When the problem has no integer variables and has a nonlinear constraint, the algorithm performs a search using MultiStart fmincon on the merit function after every K (defined next) steps. This is similar to the Tree Search algorithm for problems with integer constraints. This fmincon call is time-consuming, but can lead to a better feasible objective function value. The value of K depends on N:

  • If N < 15, K = max(50,10*N).

  • if N ≥15, K = max(50, 2*N).

Merit Function Definition

The merit function fmerit(x) is a weighted combination of two terms:

  • Scaled surrogate. Define smin as the minimum surrogate value among the sample points, smax as the maximum, and s(x) as the surrogate value at the point x. Then the scaled surrogate S(x) is


    s(x) is nonnegative and is zero at points x that have minimal surrogate value among sample points.

  • Scaled distance. Define xj, j = 1,…,k as the k evaluated points. Define dij as the distance from sample point i to evaluated point k. Set dmin = min(dij) and dmax = max(dij), where the minimum and maximum are taken over all i and j. The scaled distance D(x) is


    where d(x) is the minimum distance of the point x to an evaluated point. D(x) is nonnegative and is zero at points x that are maximally far from evaluated points. So, minimizing D(x) leads the algorithm to points that are far from evaluated points.

The merit function is a convex combination of the scaled surrogate and scaled distance. For a weight w with 0 < w < 1, the merit function is


A large value of w gives importance to the surrogate values, causing the search to minimize the surrogate. A small value of w gives importance to points that are far from evaluated points, leading the search to new regions. During the Search for Minimum phase, the weight w cycles through these four values, as suggested by Regis and Shoemaker [2]: 0.3, 0.5, 0.8, and 0.95.

Mixed-Integer surrogateopt Algorithm

Mixed-Integer surrogateopt Overview

When some or all of the variables are integer, as specified in the intcon argument, surrogateopt changes some aspects of the Serial surrogateopt Algorithm. This description is mainly about the changes, rather than the entire algorithm.

Algorithm Start

If necessary, surrogateopt moves the specified bounds for intcon points so that they are integers. Also, surrogateopt ensures that a supplied initial point is integer feasible and feasible with respect to bounds. The algorithm then generates quasirandom points as in the non-integer algorithm, rounding integer points to integer values. The algorithm generates a surrogate exactly as in the non-integer algorithm.

Integer Search for Minimum

This portion of the algorithm is the same as in Search for Minimum Details. The modifications for integer constraints appear in that section.

Tree Search

After sampling hundreds or thousands of values of the merit function, surrogateopt usually chooses the minimal point, and evaluates the objective function. However, under some circumstances, surrogateopt performs another search called a Tree Search before evaluating the objective. These circumstances do not apply to pure binary problems or to problems with bounds only and fewer than 15 variables. When applicable,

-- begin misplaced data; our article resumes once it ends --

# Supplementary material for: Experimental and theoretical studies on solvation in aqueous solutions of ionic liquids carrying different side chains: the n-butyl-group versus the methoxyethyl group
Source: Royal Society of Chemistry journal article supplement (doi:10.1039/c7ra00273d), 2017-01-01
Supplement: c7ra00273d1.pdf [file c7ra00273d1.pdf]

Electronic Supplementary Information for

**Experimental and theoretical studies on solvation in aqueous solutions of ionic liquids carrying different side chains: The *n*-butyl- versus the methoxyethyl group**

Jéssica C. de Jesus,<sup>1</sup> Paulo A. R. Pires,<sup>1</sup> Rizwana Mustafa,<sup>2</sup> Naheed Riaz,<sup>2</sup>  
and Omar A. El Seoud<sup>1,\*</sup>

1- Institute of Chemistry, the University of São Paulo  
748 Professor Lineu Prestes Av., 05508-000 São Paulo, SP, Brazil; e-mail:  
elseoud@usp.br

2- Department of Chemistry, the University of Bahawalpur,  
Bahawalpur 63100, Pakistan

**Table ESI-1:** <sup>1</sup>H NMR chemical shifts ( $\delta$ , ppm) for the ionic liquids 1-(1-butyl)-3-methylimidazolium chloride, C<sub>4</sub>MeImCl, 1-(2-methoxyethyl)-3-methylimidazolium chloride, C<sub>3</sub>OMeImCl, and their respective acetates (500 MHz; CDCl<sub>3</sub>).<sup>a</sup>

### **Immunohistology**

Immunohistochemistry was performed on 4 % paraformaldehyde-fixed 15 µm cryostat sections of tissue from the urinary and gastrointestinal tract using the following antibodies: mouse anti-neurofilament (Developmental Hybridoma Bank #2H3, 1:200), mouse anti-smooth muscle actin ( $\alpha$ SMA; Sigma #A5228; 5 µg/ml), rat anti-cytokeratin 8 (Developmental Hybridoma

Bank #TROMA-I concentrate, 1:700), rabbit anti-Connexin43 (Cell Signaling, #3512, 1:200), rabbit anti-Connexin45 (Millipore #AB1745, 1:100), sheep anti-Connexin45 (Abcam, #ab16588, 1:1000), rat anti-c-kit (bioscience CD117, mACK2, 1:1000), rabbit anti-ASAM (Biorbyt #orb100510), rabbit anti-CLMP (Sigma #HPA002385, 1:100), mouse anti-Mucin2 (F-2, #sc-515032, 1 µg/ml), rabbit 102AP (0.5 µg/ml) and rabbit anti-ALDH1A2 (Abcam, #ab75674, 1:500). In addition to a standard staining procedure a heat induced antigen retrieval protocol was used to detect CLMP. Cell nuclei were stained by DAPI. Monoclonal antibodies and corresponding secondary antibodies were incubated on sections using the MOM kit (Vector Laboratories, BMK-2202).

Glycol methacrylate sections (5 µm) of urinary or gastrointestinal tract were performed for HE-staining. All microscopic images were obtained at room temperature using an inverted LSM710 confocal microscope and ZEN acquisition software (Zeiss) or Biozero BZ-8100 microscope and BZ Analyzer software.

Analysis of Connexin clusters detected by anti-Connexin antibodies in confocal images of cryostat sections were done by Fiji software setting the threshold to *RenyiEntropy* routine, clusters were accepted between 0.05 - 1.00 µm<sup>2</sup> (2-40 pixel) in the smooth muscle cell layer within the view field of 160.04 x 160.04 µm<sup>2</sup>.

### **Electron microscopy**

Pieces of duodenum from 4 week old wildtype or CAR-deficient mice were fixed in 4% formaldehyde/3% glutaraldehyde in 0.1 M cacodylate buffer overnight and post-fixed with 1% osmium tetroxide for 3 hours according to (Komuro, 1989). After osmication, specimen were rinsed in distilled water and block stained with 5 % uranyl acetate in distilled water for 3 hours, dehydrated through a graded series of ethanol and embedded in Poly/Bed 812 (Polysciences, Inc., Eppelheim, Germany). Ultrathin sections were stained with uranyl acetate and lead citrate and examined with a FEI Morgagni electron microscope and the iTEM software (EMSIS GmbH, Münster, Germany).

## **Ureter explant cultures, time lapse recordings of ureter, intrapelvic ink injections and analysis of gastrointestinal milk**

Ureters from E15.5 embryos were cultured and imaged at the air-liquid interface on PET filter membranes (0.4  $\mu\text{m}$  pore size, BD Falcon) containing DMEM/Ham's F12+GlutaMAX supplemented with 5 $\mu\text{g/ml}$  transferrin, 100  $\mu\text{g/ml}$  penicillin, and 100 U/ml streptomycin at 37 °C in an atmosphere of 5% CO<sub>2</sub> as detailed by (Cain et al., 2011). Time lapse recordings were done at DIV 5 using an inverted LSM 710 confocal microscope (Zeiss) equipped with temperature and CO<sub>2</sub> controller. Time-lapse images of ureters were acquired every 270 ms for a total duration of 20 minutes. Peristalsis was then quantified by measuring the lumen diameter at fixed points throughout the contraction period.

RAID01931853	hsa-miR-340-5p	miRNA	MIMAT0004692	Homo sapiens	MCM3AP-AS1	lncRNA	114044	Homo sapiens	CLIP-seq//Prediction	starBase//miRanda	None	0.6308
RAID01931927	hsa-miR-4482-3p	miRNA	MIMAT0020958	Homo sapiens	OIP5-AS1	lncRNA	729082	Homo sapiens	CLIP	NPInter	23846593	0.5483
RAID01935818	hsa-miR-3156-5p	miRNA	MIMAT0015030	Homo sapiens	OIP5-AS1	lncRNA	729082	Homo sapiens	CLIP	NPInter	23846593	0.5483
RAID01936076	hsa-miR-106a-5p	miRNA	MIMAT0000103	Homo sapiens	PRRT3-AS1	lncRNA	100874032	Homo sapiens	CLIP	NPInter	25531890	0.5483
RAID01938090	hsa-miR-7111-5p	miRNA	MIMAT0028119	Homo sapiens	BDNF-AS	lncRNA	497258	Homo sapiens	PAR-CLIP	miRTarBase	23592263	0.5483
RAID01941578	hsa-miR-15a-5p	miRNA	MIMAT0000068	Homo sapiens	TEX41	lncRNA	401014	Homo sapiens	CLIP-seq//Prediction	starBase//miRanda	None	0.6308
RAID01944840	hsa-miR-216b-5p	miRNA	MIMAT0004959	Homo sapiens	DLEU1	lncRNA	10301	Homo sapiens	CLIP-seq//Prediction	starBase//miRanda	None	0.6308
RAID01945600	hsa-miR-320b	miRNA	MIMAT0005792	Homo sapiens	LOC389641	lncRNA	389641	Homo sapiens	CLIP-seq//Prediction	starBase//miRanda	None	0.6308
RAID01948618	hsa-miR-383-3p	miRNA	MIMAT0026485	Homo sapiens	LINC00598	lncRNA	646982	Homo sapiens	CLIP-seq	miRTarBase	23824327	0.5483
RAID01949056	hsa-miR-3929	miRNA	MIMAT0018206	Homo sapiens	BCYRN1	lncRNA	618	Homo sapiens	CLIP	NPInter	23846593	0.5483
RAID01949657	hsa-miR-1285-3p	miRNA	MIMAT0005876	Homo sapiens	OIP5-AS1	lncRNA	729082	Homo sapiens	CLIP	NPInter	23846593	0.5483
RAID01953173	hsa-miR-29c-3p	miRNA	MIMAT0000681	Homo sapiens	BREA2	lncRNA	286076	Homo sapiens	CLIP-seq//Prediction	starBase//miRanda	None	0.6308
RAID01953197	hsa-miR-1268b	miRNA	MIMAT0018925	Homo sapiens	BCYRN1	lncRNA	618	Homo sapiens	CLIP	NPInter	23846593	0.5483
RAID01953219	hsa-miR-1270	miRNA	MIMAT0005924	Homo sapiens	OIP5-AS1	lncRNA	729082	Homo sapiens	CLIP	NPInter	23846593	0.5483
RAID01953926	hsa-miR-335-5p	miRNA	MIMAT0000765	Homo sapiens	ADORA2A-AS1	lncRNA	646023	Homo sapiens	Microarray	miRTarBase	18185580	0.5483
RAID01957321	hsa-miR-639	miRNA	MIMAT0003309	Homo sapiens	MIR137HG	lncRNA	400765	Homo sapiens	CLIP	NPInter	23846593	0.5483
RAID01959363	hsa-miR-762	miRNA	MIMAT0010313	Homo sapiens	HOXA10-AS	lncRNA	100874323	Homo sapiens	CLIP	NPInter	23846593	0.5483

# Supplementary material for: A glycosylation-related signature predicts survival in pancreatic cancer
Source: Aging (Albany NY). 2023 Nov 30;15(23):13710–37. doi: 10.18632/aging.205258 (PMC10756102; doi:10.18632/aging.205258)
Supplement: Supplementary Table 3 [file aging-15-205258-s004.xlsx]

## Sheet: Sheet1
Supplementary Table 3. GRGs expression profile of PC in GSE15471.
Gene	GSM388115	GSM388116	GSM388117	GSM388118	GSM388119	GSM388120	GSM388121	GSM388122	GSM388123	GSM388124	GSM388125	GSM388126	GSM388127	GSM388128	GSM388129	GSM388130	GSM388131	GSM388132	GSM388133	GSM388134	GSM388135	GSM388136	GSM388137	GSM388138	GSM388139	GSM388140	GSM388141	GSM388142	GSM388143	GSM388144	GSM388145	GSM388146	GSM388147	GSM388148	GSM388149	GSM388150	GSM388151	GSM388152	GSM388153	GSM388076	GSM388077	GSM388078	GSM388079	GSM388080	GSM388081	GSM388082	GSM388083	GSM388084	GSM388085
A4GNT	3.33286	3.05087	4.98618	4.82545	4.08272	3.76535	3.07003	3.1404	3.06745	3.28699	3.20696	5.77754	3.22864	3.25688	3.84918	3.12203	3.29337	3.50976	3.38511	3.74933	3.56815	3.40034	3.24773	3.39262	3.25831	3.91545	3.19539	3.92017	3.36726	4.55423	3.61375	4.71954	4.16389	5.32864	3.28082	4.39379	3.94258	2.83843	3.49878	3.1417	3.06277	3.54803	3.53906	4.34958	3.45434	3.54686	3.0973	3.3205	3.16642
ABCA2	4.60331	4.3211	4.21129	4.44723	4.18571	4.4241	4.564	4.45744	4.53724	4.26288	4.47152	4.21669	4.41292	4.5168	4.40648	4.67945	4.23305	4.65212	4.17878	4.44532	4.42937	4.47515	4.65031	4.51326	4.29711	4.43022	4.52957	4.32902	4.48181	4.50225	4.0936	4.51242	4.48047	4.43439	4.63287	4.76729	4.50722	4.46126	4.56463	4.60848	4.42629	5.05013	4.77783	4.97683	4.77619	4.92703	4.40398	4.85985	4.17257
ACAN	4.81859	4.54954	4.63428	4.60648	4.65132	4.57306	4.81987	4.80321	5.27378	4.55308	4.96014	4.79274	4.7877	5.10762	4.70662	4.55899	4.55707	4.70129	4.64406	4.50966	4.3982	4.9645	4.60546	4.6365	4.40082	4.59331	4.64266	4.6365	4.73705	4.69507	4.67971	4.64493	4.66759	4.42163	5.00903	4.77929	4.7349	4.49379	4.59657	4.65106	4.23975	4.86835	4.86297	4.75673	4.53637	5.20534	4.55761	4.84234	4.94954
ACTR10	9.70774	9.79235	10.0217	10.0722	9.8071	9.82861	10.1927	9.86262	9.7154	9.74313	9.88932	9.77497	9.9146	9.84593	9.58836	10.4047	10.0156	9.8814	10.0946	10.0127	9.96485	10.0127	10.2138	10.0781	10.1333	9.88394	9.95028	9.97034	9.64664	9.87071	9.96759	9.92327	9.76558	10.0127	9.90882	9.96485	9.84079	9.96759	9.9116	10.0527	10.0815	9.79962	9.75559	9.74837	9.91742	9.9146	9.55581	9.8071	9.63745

• There have been 2N steps since the last Tree Search, called Case A.

  • surrogateopt is about to perform a surrogate reset, called Case B.

The Tree Search proceeds as follows, similar to a procedure in intlinprog, as described in Branch and Bound. The algorithm makes a tree by finding an integer value and creating a new problem that has a bound on this value either one higher or one lower, and solving the subproblem with this new bound. After solving the subproblem, the algorithm chooses a different integer to be bounded either above or below by one.

  • Case A: Use the scaled sampling radius as the overall bounds, and run for up to 30 steps of the search.

  • Case B: Use the original problem bounds as the overall bounds, and run for up to 60 steps of the search.

In this case, solving the subproblem means running the fmincon 'sqp' algorithm on the continuous variables, starting from the incumbent with the specified integer values, so search for a local minimum of the merit function.

Tree Search can be time-consuming. So surrogateopt has an internal iteration limit to avoid excessive time in this step, limiting both the number of Case A and Case B steps.

After Tree Search, the algorithm performs a MultiStart fmincon search using 20 points for MultiStart (5 points when N ≤ 10).

At the end of the Tree Search, the algorithm takes the better of the point found by Tree Search and the point found by the preceding search for a minimum, as measured by the merit function. The algorithm evaluates the objective function at this point. The remainder of the integer algorithm is exactly the same as the continuous algorithm.

Linear Constraint Handling

When a problem has linear constraints, the algorithm modifies its search procedure in a way that keeps all points feasible with respect to these constraints and with respect to bounds at every iteration. During the construction and search phases, the algorithm creates only linearly feasible points by a procedure similar to the patternsearch 'GSSPositiveBasis2N' poll algorithm.

When a problem has integer constraints and linear constraints, the algorithm first creates linearly feasible points. Then the algorithm tries to satisfy integer constraints by a process of rounding linearly feasible points to integers using a heuristic that attempts to keeps the points linearly feasible. When this process is unsuccessful in obtaining enough feasible points for constructing a surrogate, the algorithm calls intlinprog to attempt to find more points that are feasible with respect to bounds, linear constraints, and integer constraints.